Having a good understanding of the F.I.T.T. principle assists you with creating a workout plan that will be most effective for you to reach your fitness goals. F.I.T.T. stands for frequency, intensity, time, and type of exercise. These are the four elements you need to think about to create workouts that fit your goals and fitness level. Learn how the F.I.T.T. principle works.
The F.I.T.T principles can be used for all concepts of fitness.
This means the number of times, on a weekly basis, you perform cardiovascular exercise. To improve your cardiovascular fitness levels a minimum of three days a week is recommended. The American Council of Exercise Guidelines recommends 3 -5 days per week.
When beginning a programme for the first time a person should perform group exercise classes or exercises – for example brisk walking – at least every other day with two days in a row thrown in during the week.
For some people it may be of benefit to exercise every day and for some people doing two cardiovascular exercises a day may be of benefit.
Remember that a person should not try to overdo it to soon but progress slowly and efficiently.
Intensity level is a very important part of any exercise programme. Exercising at correct levels can make a big difference in the effectiveness of a programme. ‘Intensity’ can be defined as speed or workload of an activity. Many people, such as walkers, do not exercise at the correct intensity level for cardiovascular and fat burning enhancement.
On the other hand some people can actually exercise at too high an intensity level. Exercising at a high-intensity level will increase an individual’s heart rate. The guidelines for intensity levels from the American College of Sports Medicine are 60 -90 % of maximal heart rate. This range is approximately 50 to 85% of maximal oxygen consumption (functional capacity or VO2 max) and 50 – 85% of heart rate maximum reserve.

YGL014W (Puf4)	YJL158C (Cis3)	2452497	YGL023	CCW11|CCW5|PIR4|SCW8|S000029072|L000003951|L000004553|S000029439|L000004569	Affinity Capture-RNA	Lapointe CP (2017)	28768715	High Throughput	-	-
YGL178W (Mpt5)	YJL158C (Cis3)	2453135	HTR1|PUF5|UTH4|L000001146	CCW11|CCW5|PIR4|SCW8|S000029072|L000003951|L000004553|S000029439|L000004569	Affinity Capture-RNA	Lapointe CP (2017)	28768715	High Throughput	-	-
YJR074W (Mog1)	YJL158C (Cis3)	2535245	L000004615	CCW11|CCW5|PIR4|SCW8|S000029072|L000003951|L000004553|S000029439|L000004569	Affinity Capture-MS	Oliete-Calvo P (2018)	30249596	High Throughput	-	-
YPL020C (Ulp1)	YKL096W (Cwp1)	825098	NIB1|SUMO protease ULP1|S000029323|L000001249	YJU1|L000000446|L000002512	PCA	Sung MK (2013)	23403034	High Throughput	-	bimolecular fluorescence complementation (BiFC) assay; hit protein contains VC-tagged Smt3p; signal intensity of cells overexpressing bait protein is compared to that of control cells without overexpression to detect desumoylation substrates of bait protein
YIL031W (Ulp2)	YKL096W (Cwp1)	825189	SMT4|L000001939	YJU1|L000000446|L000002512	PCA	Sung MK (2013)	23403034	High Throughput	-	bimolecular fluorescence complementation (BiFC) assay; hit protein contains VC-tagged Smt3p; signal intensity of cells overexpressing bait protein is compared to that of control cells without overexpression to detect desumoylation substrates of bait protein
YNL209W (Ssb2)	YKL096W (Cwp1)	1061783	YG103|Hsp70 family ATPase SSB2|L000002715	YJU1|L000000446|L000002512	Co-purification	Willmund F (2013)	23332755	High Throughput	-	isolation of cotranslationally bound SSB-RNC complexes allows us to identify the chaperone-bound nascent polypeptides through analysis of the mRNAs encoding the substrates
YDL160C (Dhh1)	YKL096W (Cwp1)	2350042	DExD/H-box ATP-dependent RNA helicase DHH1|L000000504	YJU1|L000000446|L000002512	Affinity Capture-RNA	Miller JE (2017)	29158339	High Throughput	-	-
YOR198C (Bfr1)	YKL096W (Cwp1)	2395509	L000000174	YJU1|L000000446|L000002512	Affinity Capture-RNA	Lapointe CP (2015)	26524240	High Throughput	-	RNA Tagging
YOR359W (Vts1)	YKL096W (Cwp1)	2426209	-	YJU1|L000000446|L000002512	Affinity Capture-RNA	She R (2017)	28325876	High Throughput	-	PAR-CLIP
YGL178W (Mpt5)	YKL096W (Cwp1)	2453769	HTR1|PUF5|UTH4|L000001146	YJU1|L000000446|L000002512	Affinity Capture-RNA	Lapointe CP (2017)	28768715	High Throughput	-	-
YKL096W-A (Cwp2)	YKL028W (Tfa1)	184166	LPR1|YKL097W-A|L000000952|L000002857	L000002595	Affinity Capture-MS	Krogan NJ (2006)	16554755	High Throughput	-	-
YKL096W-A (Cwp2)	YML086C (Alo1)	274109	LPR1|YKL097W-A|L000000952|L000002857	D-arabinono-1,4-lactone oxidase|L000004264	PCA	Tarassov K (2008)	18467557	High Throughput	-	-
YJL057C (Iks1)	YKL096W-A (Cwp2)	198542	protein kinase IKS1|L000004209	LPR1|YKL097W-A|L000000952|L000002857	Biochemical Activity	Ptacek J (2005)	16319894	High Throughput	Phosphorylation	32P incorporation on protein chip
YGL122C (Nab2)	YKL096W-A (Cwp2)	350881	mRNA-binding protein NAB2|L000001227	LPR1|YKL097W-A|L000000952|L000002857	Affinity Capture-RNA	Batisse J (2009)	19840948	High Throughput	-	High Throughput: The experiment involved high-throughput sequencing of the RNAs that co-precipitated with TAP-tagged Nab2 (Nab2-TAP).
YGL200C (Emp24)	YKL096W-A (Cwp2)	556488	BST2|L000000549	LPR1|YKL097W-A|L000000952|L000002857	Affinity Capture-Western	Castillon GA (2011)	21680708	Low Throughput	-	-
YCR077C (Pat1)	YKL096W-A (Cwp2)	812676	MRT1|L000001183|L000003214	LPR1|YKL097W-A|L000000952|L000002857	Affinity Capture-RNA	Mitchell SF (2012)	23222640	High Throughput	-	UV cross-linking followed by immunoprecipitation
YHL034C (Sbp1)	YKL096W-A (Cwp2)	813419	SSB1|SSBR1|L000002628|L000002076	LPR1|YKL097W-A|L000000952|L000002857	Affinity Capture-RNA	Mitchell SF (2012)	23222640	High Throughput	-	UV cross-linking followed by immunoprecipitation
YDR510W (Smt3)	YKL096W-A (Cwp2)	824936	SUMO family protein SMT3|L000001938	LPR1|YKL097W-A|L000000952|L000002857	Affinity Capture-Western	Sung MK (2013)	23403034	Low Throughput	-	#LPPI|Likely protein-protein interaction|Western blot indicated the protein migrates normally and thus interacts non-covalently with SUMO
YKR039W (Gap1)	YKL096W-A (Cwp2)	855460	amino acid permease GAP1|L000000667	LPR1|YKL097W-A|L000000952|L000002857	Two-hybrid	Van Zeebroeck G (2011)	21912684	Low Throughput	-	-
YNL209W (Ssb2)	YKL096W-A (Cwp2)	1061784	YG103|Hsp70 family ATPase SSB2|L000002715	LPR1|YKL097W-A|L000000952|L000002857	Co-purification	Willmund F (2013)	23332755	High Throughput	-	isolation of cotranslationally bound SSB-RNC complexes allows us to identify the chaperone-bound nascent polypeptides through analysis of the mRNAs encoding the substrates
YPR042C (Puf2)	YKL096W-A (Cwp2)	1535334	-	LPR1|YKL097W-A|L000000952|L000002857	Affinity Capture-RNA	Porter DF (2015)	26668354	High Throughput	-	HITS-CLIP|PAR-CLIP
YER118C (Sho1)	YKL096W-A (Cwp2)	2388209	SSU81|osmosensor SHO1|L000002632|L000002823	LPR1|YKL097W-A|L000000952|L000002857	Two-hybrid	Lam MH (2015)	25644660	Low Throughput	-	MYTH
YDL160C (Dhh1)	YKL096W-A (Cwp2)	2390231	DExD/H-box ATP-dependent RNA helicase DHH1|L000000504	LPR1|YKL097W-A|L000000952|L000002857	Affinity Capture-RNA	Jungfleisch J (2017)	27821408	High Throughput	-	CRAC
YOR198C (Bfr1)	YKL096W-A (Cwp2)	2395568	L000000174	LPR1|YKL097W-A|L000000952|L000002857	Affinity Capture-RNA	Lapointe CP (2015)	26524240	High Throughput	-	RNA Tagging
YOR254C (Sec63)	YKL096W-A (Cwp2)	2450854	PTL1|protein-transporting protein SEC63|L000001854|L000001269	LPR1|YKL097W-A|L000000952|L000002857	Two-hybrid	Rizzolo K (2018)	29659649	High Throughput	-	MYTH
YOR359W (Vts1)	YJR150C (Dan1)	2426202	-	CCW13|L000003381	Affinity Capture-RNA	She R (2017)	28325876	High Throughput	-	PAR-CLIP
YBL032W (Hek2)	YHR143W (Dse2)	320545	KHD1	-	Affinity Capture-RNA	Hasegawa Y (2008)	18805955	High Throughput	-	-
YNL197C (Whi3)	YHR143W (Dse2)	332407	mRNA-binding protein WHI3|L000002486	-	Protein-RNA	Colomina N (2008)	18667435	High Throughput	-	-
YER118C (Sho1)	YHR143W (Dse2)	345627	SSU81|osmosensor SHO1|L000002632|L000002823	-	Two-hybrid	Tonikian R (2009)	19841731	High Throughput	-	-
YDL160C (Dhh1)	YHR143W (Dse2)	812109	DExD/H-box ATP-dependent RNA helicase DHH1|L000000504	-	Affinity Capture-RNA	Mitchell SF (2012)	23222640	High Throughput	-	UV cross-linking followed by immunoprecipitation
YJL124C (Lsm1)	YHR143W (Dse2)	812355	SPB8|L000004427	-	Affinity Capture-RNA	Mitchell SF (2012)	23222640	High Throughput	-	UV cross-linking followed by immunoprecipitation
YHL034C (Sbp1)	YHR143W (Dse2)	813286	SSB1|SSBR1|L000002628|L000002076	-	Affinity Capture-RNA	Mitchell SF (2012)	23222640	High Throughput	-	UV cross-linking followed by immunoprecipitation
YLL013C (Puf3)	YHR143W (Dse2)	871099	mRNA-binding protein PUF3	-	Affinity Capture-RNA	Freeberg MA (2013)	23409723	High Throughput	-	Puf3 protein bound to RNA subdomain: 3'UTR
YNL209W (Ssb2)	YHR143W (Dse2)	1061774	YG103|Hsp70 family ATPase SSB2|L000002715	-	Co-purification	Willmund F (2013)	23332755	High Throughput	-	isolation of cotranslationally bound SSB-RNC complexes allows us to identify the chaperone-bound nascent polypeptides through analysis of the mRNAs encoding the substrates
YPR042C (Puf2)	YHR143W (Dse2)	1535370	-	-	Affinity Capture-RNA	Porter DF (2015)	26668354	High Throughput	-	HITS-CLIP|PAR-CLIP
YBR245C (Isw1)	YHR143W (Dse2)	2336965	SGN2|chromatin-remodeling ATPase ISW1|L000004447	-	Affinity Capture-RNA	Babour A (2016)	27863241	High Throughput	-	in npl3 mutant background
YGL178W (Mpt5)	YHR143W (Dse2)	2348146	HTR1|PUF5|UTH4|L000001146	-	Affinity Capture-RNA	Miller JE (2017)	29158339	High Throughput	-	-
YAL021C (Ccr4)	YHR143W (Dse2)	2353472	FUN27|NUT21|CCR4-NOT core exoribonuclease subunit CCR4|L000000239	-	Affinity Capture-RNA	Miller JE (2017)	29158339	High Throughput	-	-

A person who is beginning a program should start at between 50 and 60% of their maximum oxygen consumption although some beginners need to start at levels of 40 – 50%. For fitter people, exercising at 75 – 85% is probably more appropriate. Overall for healthier adults it is good to be at 60 – 70%.
The key to all of this knowledge is understanding where you are as far in your cardiovascular fitness level is concerned and starting slowly, progressing as cardiovascular fitness levels increase. Starting a programme too fast is not good, but not doing enough is not good either. A comfortable balance which progresses to higher levels over time is recommended.
This refers to the duration of an exercise session or the length of time a person takes to complete an exercise. For many the duration of an exercise depends upon the intensity of an exercise. In general, the cardiovascular exercise should last a minimum of 20 minutes with the best results coming after a longer period of time.
A person can get good cardiovascular fitness and body fat burning utilisation at 20 – 30 minutes of cardiovascular exercise. People who are just beginning a workout programme should start slowly and progress over time. A person who has rarely ever exercised should start at 10 -12 minutes including a 5-minute warm-up and increase this by about 2 minutes per week until they are above 20 minutes. The key is to spend some time doing some cardiovascular activity every day if possible.
Even just changing one of these elements can make a big difference in your workout and in how your body responds to exercise. It’s important to change things up on a regular basis to keep your body healthy and your mind engaged.
A trained personal trainer will be able to tailor make your programme for you so you can adhere to the FITT principle and get the most out of your workout.